By Bob Smietana
Chip Curry was in trouble.
His best friend died.
His wife found out she was pregnant.
And Chip had lost his way and become “an overall disaster of a person”—completely unprepared to bring a child into the world.
Then he picked up a Bible and everything changed. At least that’s the premise of a new CBS television series called Living Biblically, which premieres this week.
Based on A.J. Jacobs’ best-selling book, The Year of Living Biblically, the show depicts Chip’s attempts to live out all the Bible’s commandments, big and small.
That includes giving up false idols, like his cell phone.
“So, we have an episode where he decides he’s not going to have his iPhone anymore because he worships it too much, and, of course, he gets himself into some sticky situations where he needs his phone and doesn’t have it,” series star J.R. Ferguson told Parade magazine. “Hopefully, hilarity ensues.”
Chip also gives up lying, coveting, taking God’s name in vain, and the rest of the behaviors prohibited by the Ten Commandments.
He tries to parse out what to do with lesser-known rules from the Old Testament, such as not wearing clothes made of two kinds of material.
And, according to the show’s producer, he struggles with questions like, “How do you honor your father if your father is a jerk?”
A lapsed Catholic, he gets some help along with way with advice from a “God Squad,” made up of a priest and a rabbi. His wife, an atheist, is not impressed by Chip’s quest, according to Variety.
Still, Variety says there’s “something quite charming about the sitcom.”
“It’s refreshing to see a show tackle the puzzle of American Christian belief,” wrote Variety critic Sonia Saraiya, “and although Living Biblically is quite lightweight, the questions of worship in the first three episodes are recognizable—can I trust this ancient book, or how and when do you pray, or is my phone making me a worse person?”
The show’s executive producer, Patrick Walsh, based the new show on both Jacobs’ book and his own life experience.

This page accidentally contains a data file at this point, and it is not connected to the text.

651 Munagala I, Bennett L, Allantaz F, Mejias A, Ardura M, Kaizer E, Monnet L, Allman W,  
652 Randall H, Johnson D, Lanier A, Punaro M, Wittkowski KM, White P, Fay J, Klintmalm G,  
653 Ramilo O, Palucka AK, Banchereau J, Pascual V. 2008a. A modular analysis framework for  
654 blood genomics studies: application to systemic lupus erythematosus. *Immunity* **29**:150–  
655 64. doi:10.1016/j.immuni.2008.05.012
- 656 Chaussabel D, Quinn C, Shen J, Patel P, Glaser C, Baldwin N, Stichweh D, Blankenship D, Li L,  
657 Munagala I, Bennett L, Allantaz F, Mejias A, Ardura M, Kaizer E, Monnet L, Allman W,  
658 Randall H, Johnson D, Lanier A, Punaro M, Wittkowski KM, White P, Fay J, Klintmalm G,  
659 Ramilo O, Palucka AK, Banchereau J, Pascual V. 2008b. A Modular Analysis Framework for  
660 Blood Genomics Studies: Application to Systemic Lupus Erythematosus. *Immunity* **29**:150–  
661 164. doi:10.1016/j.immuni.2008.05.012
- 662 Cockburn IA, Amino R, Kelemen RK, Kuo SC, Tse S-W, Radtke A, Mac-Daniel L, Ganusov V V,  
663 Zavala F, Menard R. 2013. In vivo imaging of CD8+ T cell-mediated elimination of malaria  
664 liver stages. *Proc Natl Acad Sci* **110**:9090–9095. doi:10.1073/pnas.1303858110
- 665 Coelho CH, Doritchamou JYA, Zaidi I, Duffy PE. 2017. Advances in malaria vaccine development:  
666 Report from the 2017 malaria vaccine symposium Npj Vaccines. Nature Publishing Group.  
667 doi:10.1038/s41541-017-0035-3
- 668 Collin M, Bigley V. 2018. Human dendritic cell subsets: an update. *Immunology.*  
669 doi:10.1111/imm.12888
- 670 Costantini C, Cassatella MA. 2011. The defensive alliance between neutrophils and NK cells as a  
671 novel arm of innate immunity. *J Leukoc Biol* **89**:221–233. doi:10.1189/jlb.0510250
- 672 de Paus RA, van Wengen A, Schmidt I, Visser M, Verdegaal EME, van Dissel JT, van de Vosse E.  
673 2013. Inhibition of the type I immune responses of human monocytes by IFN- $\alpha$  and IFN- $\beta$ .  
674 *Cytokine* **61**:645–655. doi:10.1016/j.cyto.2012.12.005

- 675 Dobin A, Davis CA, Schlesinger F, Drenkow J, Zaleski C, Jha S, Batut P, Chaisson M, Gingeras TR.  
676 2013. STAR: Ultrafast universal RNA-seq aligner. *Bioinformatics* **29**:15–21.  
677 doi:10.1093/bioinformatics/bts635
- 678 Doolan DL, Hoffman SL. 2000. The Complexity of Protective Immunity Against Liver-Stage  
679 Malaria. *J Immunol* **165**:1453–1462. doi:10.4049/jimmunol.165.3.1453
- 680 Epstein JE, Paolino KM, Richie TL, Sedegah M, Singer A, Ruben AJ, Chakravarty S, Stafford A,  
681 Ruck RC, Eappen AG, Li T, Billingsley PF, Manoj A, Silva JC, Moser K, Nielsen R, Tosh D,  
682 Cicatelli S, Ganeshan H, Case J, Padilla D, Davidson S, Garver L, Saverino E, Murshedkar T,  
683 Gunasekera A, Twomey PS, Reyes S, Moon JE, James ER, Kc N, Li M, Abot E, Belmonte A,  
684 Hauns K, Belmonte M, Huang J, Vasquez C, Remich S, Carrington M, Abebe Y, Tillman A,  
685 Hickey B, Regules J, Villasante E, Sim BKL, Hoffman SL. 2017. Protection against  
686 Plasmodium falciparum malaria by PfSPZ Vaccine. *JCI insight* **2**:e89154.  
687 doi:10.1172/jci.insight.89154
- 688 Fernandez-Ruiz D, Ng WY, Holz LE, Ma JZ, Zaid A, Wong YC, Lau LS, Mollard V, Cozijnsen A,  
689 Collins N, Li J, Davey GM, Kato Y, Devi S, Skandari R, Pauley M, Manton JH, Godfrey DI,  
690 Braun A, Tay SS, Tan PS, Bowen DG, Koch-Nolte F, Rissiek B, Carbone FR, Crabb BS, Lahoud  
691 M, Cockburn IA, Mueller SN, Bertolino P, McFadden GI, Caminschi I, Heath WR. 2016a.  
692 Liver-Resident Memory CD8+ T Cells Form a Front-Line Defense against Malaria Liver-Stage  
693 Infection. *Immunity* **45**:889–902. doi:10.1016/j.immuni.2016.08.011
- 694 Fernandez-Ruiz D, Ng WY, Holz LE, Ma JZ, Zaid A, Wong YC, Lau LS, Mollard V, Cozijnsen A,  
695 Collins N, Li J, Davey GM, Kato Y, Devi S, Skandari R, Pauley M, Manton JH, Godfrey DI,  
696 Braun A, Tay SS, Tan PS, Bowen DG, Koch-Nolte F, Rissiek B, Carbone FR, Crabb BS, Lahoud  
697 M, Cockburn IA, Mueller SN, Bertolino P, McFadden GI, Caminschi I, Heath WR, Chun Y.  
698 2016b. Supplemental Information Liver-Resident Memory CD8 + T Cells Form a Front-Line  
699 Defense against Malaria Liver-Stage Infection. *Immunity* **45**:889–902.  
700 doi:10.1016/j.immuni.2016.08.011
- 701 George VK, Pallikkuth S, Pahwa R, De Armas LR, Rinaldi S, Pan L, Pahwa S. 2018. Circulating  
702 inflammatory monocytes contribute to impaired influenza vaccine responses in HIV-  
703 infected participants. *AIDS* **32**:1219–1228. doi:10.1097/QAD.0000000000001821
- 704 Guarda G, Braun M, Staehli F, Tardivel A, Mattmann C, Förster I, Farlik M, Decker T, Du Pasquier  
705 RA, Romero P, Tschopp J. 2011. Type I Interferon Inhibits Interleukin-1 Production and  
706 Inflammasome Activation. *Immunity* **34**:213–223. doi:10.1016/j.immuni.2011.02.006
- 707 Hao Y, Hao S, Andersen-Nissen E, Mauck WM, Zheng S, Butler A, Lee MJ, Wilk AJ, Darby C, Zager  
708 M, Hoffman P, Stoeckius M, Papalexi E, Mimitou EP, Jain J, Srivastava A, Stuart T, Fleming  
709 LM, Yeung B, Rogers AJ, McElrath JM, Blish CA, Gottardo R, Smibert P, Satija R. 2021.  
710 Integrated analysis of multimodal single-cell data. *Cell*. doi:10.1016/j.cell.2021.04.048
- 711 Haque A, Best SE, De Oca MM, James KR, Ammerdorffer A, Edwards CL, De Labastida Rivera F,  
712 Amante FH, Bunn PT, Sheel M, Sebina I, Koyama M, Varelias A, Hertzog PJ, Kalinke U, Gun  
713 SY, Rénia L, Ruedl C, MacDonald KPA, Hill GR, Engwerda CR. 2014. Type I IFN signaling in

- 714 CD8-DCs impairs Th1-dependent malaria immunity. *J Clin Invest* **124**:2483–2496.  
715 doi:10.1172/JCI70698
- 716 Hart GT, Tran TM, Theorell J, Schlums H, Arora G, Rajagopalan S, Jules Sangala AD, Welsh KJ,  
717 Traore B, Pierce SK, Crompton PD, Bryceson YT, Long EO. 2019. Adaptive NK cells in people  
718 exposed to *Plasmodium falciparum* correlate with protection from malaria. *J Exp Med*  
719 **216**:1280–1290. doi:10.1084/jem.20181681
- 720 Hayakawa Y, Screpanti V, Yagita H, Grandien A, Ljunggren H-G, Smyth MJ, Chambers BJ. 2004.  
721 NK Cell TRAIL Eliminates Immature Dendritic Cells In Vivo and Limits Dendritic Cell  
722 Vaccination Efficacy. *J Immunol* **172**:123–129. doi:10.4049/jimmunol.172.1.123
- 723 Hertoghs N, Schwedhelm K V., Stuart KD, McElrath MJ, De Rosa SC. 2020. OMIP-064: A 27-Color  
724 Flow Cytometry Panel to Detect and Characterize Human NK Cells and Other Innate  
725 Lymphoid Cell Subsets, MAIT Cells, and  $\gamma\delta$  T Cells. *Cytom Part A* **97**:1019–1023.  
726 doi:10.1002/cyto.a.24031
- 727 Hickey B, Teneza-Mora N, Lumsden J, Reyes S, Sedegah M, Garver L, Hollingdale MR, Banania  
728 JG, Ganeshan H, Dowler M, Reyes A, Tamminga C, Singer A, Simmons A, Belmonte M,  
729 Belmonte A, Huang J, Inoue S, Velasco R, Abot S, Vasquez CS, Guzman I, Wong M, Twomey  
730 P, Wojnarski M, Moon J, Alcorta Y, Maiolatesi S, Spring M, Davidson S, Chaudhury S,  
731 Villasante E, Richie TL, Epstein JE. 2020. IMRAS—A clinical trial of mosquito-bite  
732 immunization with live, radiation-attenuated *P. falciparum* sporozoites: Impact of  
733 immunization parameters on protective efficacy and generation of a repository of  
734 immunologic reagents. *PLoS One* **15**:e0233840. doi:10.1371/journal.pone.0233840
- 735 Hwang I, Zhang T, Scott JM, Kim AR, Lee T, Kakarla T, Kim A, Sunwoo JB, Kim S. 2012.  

Walsh is about to get married and is trying to figure out how his faith can help him grow as a person. And he thinks many Americans are looking for answers to life’s biggest questions.
“It’s a very confusing time in America; there’s a lot of fighting going on,” he told America magazine.
“I think a lot of people feel lost. I could certainly say I do. I wake up every morning, get on Twitter, and put myself in a bad mood with all the news stories of the world. And I, much like everyone, am sort of looking for help. A lot of times that search leads you to religion, or back to religion.”
Jacobs, a secular Jew, has said in the past that he grew up with no religion. His year of living biblically, he said in a TED Talk, was profound and life-changing.
He told Christianity Today that the experience gave him a better appreciation of evangelical Christians.
And, he wrote, living by the Bible’s rules helped him better understand himself.
“I didn’t expect to confront just how absurdly flawed I am,” he said. “I didn’t expect to discover such strangeness in the Bible. And I didn’t expect to, as the psalmist says, take refuge in the Bible and rejoice in it.”
Spending time engaged with the Bible is one of the keys to spiritual growth, according to the Transformational Discipleship study from LifeWay Research.
“God’s Word is truth, so it should come as no surprise that reading and studying the Bible are still the activities that have the most impact on spiritual growth and maturity,” wrote Ed Stetzer, executive director of the Billy Graham Center at Wheaton College, who helped design the study.
How should Christians interpret Old Testament laws?
Still, there’s more to living biblically than just reading the Bible or seeing the Bible as simply a rulebook.
The TV show may spark discussions about Old Testament interpretation: Why do Christians no longer follow Old Testament rules such as dietary regulations but insist others are still binding?
Author Tim Keller calls this the “charge of inconsistency.”
Keller points out that Jesus declared all foods clean and ignored many of the laws about ceremonial cleanness by touching lepers and dead bodies.
“The coming of Christ changed how we worship,” Keller wrote, “but not how we live.” Many Old Testament laws about moral behavior are repeated and reaffirmed in the New Testament.
One way to respond to the charge of inconsistency may be to ask a counter-question—“Are you asking me to deny the very heart of my Christian beliefs?” If you are asked, “Why do you say that?” you could respond, “If I believe Jesus is the resurrected Son of God, I can’t follow all the ‘clean laws’ of diet and practice, and I can’t offer animal sacrifices. All that would be to deny the power of Christ’s death on the cross. And so those who really believe in Christ must follow some Old Testament texts and not others.”
BOB SMIETANA (@BobSmietana) is senior writer for Facts & Trends.